“You have to value the space and the freedom that comes with a smaller budget, and you have to try to refresh your roots,” del Toro says. “You cannot abandon who you are or where you come from and just start churning out product or movies that eventually will overwhelm your personality, if you’re not careful.”

The director admits that being able to move in and out of Hollywood is “a privilege,” one he’s earned by directing such commercial fare as “Blade 2” and “Hellboy.”

Some filmmakers find working for the majors to be a two-edged sword. Most foreign directors are accustomed to getting final cut at home, something that in Hollywood is reserved for a small group of established directors.

Another shock to the system is the heavily bureaucratized studio system, where everyone — including assistants’ assistants, seemingly — weighs in on a film, and where development can drag on for years.

Joel Bergwall, who directed the Swedish film “Invisible” and is now working on “Books of Magic” at Warners, says that working in Hollywood is “very different from what we’re used to. When we did ‘Invisible,’ we literally squeezed the movie out in nine months, from script to opening night. Here, it’s nine months to decide what writer to hire for the rewrite. That can be really frustrating.”

His partner in that venture, Simon Sandquist, adds: “In Hollywood you have so many people who have to be involved. Back home, basically it’s us and the producer and that’s it.” (The two turned down the chance to direct the remake of “Invisible.”)

Historically, foreign directors came to Hollywood and stayed put, with Wilder, Lubitsch, William Wyler, Michael Curtiz and Fritz Lang putting their European stamp on quintessential American tales.

After WWII, Hollywood, like the rest of the country, became more inward-looking and found talent in a decidedly American pool. In the 1970s the studios became enamored of film school grads like Francis Ford Coppola and Martin Scorsese.

In the 1980s, macho, deeply American pics like “Beverly Hills Cop” became the model and, unsurprisingly, were directed by Yanks. (Some foreigners who made the leap, such as Verhoeven, who went from “Spetters” and “Soldier of Orange” to “Showgirls,” proved that becoming too Hollywood can be dangerous.)

The rise of indies in the 1990s helped stir the waters again, and companies like Miramax reacquainted American auds with the work of foreign directors.

Some, like Besson, have outwitted Hollywood at its own game. Besson’s EuropaCorp is a French equivalent of a major, with its own distribution and international sales capabilities. The company churns out eight to 10 films a year including two or three international blockbusters like “Crimson Rivers.”

Although Besson briefly flirted with Hollywood in the mid-1990s and had production deals at Sony and Fox, he’s now thoroughly embedded in Paris.

Currently, he’s directing the big-budget animated film “Arthur and the Minimoys,” which features the voices of Madonna and Snoop Dogg.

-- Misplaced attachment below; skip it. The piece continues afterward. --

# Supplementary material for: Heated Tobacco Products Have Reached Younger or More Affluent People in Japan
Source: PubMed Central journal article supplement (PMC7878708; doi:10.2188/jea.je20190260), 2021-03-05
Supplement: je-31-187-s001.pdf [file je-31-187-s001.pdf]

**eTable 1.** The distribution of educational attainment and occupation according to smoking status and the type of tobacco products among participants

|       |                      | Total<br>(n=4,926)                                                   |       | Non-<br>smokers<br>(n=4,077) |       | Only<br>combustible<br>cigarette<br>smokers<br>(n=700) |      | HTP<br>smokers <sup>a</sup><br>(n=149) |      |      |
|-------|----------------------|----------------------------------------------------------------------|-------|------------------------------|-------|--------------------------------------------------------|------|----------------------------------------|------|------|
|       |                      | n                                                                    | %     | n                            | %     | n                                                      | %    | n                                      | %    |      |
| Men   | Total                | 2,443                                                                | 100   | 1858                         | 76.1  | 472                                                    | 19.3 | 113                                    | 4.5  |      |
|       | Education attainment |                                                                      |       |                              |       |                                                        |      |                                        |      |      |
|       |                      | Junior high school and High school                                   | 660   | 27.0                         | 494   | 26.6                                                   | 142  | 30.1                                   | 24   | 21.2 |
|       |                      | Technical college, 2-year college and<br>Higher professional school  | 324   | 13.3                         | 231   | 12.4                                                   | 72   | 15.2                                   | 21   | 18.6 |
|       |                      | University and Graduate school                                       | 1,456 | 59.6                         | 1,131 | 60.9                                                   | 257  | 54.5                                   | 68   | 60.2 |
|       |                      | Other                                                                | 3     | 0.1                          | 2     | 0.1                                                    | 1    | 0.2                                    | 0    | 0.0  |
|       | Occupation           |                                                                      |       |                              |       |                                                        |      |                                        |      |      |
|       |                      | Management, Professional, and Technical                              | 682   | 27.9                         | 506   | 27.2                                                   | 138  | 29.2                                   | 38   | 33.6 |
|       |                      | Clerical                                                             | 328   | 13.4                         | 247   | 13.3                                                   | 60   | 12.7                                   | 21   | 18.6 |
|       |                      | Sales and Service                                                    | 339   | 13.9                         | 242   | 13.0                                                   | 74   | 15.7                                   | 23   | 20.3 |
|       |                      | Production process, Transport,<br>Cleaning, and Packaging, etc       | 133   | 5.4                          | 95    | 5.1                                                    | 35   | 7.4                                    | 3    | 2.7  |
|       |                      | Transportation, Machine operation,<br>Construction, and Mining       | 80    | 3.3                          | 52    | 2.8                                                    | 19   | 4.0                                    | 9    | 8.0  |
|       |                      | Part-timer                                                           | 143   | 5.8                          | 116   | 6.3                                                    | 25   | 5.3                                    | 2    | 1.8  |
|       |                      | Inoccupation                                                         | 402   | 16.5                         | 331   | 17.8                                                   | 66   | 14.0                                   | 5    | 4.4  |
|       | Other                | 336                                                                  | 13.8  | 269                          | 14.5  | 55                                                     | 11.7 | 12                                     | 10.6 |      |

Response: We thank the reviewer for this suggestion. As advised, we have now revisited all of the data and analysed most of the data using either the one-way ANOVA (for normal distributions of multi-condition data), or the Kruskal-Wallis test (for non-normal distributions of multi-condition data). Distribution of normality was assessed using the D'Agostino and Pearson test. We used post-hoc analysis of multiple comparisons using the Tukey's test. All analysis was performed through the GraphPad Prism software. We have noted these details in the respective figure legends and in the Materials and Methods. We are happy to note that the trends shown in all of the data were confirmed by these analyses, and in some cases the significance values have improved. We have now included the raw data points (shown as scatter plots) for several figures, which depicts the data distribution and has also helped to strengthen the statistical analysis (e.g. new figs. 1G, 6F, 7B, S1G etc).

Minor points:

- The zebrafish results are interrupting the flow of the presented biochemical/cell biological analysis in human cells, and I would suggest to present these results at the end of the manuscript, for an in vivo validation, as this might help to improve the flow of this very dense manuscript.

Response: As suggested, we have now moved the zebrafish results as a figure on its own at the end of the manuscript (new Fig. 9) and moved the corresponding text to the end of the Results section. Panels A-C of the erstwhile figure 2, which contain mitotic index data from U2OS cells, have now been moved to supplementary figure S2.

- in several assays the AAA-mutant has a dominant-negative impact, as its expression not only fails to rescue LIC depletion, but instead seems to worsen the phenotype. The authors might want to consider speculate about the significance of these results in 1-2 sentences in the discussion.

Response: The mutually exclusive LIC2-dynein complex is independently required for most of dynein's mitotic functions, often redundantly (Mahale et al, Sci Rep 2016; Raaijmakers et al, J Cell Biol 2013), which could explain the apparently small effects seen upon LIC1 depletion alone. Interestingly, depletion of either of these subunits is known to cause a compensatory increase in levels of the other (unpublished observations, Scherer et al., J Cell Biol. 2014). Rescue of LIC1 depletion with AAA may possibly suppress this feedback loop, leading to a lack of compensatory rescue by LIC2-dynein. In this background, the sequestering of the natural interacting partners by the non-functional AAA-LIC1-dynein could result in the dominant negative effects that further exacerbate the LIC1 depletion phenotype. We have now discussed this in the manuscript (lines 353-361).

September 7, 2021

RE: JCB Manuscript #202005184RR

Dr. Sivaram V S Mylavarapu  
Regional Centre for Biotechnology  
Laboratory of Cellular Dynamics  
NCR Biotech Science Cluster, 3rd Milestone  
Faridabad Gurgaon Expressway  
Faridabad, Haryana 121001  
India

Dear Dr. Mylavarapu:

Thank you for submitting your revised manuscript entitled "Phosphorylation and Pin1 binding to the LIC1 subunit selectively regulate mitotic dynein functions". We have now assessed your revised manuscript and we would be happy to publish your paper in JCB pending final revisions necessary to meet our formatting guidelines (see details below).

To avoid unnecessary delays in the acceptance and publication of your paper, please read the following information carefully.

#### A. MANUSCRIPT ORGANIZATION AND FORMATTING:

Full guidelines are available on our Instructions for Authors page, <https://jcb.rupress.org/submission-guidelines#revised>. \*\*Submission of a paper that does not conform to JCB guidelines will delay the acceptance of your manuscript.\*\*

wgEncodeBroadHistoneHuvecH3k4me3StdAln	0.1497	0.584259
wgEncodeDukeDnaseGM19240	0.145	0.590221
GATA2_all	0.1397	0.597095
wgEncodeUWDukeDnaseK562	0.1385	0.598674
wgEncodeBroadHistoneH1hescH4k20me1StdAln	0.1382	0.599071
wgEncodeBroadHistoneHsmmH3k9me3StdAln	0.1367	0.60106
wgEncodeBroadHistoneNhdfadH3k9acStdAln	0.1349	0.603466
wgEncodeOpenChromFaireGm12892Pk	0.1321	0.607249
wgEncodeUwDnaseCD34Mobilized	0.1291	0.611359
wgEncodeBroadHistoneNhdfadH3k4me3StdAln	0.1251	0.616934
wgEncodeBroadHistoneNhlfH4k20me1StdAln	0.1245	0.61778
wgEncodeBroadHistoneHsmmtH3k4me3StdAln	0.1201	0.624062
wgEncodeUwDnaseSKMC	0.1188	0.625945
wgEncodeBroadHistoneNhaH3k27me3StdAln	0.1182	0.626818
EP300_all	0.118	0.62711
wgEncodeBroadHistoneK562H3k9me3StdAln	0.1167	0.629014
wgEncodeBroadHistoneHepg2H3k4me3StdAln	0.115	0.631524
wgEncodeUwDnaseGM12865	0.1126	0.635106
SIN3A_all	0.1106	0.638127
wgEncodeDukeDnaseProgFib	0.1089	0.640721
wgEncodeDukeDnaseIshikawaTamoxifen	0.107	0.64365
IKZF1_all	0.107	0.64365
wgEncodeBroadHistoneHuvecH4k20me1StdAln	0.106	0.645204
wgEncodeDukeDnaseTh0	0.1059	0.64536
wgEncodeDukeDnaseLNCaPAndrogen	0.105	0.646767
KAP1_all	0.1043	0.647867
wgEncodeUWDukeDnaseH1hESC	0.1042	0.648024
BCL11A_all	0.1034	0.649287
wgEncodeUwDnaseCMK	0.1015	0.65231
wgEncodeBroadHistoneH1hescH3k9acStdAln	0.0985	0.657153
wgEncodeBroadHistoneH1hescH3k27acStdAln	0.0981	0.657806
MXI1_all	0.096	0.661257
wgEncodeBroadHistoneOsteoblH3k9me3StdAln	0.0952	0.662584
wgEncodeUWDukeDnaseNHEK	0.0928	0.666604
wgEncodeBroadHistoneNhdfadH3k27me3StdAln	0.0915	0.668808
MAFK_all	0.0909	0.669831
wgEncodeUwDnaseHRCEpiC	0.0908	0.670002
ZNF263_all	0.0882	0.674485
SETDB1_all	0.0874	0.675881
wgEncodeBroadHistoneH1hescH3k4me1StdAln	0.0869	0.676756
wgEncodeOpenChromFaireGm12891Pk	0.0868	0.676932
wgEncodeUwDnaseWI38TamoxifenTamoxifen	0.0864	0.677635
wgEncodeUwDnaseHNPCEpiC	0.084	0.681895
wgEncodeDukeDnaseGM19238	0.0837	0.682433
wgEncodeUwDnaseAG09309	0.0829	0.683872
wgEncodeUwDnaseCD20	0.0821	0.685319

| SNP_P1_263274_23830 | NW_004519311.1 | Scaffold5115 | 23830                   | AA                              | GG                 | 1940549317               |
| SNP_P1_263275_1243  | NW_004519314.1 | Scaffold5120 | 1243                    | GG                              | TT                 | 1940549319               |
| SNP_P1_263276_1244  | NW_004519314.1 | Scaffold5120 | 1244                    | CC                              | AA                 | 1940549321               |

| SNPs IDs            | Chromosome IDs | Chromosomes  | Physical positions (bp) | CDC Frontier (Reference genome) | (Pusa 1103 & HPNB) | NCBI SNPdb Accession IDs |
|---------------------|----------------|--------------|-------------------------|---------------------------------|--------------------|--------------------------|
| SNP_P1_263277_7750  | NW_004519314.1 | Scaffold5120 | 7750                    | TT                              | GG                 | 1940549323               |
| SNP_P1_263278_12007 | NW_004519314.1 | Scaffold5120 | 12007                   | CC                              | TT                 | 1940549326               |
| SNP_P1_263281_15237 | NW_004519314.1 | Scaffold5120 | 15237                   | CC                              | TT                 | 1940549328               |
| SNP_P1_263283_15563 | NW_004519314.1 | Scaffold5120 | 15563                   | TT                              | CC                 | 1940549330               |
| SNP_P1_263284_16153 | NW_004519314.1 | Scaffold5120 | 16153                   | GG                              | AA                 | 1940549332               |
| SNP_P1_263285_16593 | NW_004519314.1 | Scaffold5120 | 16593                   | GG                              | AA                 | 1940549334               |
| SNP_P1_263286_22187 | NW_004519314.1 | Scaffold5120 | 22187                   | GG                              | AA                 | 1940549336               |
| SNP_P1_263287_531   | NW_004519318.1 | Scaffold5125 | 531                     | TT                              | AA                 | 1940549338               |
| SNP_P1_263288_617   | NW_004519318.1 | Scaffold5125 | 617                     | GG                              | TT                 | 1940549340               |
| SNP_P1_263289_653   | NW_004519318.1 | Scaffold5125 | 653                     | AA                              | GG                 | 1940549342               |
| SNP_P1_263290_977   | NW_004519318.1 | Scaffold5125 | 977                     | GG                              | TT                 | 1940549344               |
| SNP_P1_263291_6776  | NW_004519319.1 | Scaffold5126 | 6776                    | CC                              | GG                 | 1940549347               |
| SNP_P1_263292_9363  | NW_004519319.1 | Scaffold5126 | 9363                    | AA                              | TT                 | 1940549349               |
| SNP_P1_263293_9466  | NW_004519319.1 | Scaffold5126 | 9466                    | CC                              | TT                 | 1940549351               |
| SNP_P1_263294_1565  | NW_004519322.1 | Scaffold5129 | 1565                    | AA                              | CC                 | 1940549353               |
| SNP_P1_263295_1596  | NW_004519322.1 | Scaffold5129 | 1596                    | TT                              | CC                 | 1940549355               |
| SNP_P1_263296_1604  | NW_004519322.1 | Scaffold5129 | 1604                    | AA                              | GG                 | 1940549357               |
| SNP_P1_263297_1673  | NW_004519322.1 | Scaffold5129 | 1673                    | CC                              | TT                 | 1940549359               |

Of course, a Hollywood flop can lead to exile, as was the case with Jeunet and the 1997 film “Alien: Resurrection.” Fellow Frenchman Pitof hasn’t been heard from since WB’s 2004 “Catwoman.”

Yet as Jeunet demonstrated, leaving Hollywood can mean earning a ticket back. After directing “Amelie” and “A Very Long Engagement,” a French-American co-production, Warner Bros. offered Jeunet the reins to the next “Harry Potter” movie. He declined.

Similarly, after Cuaron directed two studio pics with critical acclaim but lackluster B.O. — “Great Expectations” and “A Little Princess” — he went back to Mexico and re-established himself with “Y tu mama tambien.”

Having watched scenarios like “Alien” unfold, agents — who are logging more travel time than ever to keep up with their far-flung clients — are increasingly wary about putting foreign directors, accustomed to working on films with lower budgets, on big studio projects.

Instead, they often steer their clients toward modest-sized films rather than franchise sequels.

After Timur Bekmambetov’s “Night Watch” broke box office records in Russia last year, the director was quickly signed by William Morris. Now the agency is being careful about selecting his follow-up film, which will likely be a midsized pic for a specialty label.

In the meantime, Bekmambetov has turned down several offers to direct big studio pics.

If foreigners are being more scrupulous about accepting Hollywood, the studios have become more welcoming toward exotic-sounding names from abroad.

“There’s been a gigantic change in studios’ attitudes,” says del Toro. “When I first arrived in Hollywood in the early ’90s, all they would send me were films about bullfighting and mariachis. I remember talking to a studio exec and saying that it was like sending David Cronenberg a script about the Canadian Mounted Police.”

Yet whatever directors’ tendencies, Hollywood hasn’t completely lost its powerful allure.

“As a filmmaker, you want to make movies that people go see,” says Sandquist, who recently moved to Los Angeles with partner Bergwall. “You want to show it to everyone in the universe. And the best way to reach an audience is to do a Hollywood movie. So here we are.”